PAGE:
class ShipOrderHandler : IHandleMessages<ShipOrder>
{
    static ILog log = LogManager.GetLogger<ShipOrderHandler>();

    public Task Handle(ShipOrder message, IMessageHandlerContext context)
    {
        log.Info($"Order [{message.OrderId}] - Succesfully shipped.");
        return Task.CompletedTask;
    }
}

Saga persistence

Before being able to fully run the solution and test if the ShippingPolicy saga is working as expected, you need to configure one last thing: Saga persistence.

Saga state needs to be persisted, so we need to configure the Shipping endpoint with a chosen persistence. In the Program class where there is the endpoint configuration code, add the following line after the transport configuration:

var persistence = endpointConfiguration.UsePersistence<LearningPersistence>();

The snippet above is configuring the endpoint to use LearningPersistence which is designed for testing and development. It stores data on the disk in a folder in the executable path. In production use one of our production-level persistence options.

Running the solution

You can now press F5 and test the ShippingPolicy saga. By sending a new order from the ClientUI endpoint you should see the following message flow:

  • The PlaceOrdercommand is sent from ClientUI to Sales.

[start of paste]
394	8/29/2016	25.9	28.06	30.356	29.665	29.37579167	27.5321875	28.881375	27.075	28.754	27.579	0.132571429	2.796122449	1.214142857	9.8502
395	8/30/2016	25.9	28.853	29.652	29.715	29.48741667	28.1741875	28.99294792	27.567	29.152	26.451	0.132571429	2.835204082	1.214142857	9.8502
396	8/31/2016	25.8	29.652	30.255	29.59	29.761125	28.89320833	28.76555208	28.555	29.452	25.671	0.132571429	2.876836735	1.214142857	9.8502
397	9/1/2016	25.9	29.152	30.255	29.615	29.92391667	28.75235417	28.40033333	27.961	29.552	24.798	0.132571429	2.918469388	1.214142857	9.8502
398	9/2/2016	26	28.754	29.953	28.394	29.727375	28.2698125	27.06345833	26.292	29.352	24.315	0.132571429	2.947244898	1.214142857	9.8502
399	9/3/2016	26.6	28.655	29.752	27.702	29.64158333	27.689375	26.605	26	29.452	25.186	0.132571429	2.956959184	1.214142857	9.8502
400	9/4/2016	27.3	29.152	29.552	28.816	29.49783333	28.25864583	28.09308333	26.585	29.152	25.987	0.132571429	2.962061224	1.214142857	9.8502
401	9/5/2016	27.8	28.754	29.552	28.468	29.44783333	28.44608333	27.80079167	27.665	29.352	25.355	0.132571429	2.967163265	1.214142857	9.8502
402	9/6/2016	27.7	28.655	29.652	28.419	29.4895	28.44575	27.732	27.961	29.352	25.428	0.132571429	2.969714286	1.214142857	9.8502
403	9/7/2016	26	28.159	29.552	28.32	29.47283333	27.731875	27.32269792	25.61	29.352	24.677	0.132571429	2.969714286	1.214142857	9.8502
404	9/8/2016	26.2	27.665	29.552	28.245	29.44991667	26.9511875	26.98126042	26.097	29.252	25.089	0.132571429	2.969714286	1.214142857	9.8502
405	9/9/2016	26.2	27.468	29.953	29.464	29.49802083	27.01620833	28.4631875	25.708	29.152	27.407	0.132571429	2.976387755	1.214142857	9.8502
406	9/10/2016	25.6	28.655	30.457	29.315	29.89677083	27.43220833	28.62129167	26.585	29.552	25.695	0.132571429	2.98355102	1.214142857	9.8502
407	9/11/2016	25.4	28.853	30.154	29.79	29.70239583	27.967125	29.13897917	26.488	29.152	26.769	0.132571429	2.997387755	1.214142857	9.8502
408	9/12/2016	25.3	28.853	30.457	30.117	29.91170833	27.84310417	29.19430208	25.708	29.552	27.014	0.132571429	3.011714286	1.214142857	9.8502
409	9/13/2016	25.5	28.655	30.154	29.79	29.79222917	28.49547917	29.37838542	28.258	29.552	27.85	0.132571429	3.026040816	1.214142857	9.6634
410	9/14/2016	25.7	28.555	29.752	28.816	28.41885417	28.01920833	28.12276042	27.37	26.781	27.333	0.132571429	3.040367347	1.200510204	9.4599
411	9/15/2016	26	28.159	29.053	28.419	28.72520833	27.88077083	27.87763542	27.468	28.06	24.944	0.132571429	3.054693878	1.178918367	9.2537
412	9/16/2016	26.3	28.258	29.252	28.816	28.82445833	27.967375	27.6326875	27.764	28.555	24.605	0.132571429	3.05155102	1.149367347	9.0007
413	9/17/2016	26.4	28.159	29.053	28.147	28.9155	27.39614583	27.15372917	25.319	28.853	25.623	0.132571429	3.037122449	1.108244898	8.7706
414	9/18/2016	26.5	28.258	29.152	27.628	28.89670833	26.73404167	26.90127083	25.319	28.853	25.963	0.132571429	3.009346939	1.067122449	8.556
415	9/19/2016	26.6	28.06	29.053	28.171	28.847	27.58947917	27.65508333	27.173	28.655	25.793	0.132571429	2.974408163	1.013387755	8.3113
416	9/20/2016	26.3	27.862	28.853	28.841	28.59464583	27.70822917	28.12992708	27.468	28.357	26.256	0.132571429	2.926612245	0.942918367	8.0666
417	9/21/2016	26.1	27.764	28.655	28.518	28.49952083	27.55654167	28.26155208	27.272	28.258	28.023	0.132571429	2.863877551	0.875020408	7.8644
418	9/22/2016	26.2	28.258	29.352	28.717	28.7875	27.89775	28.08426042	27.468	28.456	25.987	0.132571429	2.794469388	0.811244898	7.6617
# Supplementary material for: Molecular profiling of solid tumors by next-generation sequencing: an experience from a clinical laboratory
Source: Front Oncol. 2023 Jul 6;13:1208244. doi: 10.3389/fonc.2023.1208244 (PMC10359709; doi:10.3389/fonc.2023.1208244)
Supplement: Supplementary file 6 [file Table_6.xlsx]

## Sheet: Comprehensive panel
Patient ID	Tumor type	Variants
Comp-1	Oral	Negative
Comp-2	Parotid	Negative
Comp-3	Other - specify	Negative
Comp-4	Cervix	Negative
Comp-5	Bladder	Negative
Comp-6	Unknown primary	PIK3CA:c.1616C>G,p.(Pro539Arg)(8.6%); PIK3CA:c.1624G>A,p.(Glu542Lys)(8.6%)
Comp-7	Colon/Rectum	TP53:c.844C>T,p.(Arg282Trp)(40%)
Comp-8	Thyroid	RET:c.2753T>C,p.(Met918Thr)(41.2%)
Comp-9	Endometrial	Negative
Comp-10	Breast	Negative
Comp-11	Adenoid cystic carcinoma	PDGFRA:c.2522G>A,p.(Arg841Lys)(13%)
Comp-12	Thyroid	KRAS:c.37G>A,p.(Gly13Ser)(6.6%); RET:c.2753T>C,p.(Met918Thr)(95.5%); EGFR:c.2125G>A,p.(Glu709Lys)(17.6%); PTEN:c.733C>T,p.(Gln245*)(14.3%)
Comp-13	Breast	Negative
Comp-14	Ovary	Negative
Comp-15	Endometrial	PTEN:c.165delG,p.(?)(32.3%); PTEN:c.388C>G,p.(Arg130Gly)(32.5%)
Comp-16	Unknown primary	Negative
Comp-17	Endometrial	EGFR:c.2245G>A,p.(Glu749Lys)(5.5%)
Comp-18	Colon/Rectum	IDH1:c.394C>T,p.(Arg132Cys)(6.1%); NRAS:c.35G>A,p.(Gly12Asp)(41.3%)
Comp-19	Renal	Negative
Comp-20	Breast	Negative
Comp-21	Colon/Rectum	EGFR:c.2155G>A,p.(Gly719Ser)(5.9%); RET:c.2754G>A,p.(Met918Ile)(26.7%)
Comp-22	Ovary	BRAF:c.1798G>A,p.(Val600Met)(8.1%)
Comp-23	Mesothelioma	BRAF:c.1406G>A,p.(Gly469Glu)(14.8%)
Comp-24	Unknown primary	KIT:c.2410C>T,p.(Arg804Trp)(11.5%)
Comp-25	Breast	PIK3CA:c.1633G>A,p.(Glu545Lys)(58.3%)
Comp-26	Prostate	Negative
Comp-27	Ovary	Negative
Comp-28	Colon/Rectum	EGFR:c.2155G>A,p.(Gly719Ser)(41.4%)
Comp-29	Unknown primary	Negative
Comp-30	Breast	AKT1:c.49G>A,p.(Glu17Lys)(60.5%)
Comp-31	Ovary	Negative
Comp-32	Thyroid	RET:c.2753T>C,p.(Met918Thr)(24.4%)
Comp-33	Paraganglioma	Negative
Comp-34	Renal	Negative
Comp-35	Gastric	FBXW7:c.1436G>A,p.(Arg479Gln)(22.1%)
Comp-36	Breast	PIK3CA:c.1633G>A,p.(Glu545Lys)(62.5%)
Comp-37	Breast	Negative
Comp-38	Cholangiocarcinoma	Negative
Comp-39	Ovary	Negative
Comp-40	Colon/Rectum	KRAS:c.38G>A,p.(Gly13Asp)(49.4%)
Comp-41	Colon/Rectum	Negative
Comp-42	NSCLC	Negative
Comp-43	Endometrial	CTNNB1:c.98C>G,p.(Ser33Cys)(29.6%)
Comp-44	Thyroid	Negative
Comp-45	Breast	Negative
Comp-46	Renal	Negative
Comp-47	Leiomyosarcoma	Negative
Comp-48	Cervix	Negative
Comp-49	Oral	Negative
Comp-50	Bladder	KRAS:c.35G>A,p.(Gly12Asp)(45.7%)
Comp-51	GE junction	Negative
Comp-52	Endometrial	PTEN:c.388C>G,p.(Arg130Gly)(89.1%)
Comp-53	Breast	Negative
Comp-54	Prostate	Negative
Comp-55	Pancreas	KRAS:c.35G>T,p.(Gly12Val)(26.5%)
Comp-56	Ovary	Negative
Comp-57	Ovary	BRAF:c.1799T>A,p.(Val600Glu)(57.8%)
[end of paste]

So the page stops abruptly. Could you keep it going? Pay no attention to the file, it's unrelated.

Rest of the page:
• Sales publishes the OrderPlaced event that is handled by Billing and Shipping.
  • Billing processes the payment and publishes the OrderBilled event.
  • Shipping handles OrderPlaced and OrderBilled using the ShippingPolicy saga.
  • When both are handled by the saga, the ShipOrder command is sent.

The Shipping endpoint console should show the following output:

INFO  Shipping.ShippingPolicy OrderPlaced message received.
INFO  Shipping.ShippingPolicy OrderBilled message received.
INFO  Shipping.ShipOrderHandler Order [0b0dd421-4661-46e7-abc5-c92c43b8fd18] - Succesfully shipped.

Remember that it's possible that OrderBilled may be handled before OrderPlaced, which is why it was so critical to indicate that the saga can be started by both messages with IAmStartedByMessages<T>. This ensures that the saga will work correctly no matter the arrival order of the events.

Summary

In this lesson, we learned to think of sagas as a tool to implement a business policy. An order cannot be shipped until it is both accepted and billed. We want sagas to react to messages, evaluate business rules, and make decisions that allow the system to move forward. It's generally better to think of sagas as policies rather than as orchestrators or process managers.

Using an NServiceBus saga, we designed a state machine to satisfy these business requirements. As a message-driven state machine, a saga is a perfect way to implement a business policy as it describes the conditions that must be satisfied in order to make a decision.

In the next lesson (Coming Soon) we'll see how using timeouts enables us to add the dimension of time to our business policies, allowing us to send messages into the future to wake up our saga and take action, even if nothing else is happening. Until then, you can check out the documentation for saga timeouts, sign up for a free proof of concept with one of our Solution Architects, or chat with us using the chat widget in the corner of this page.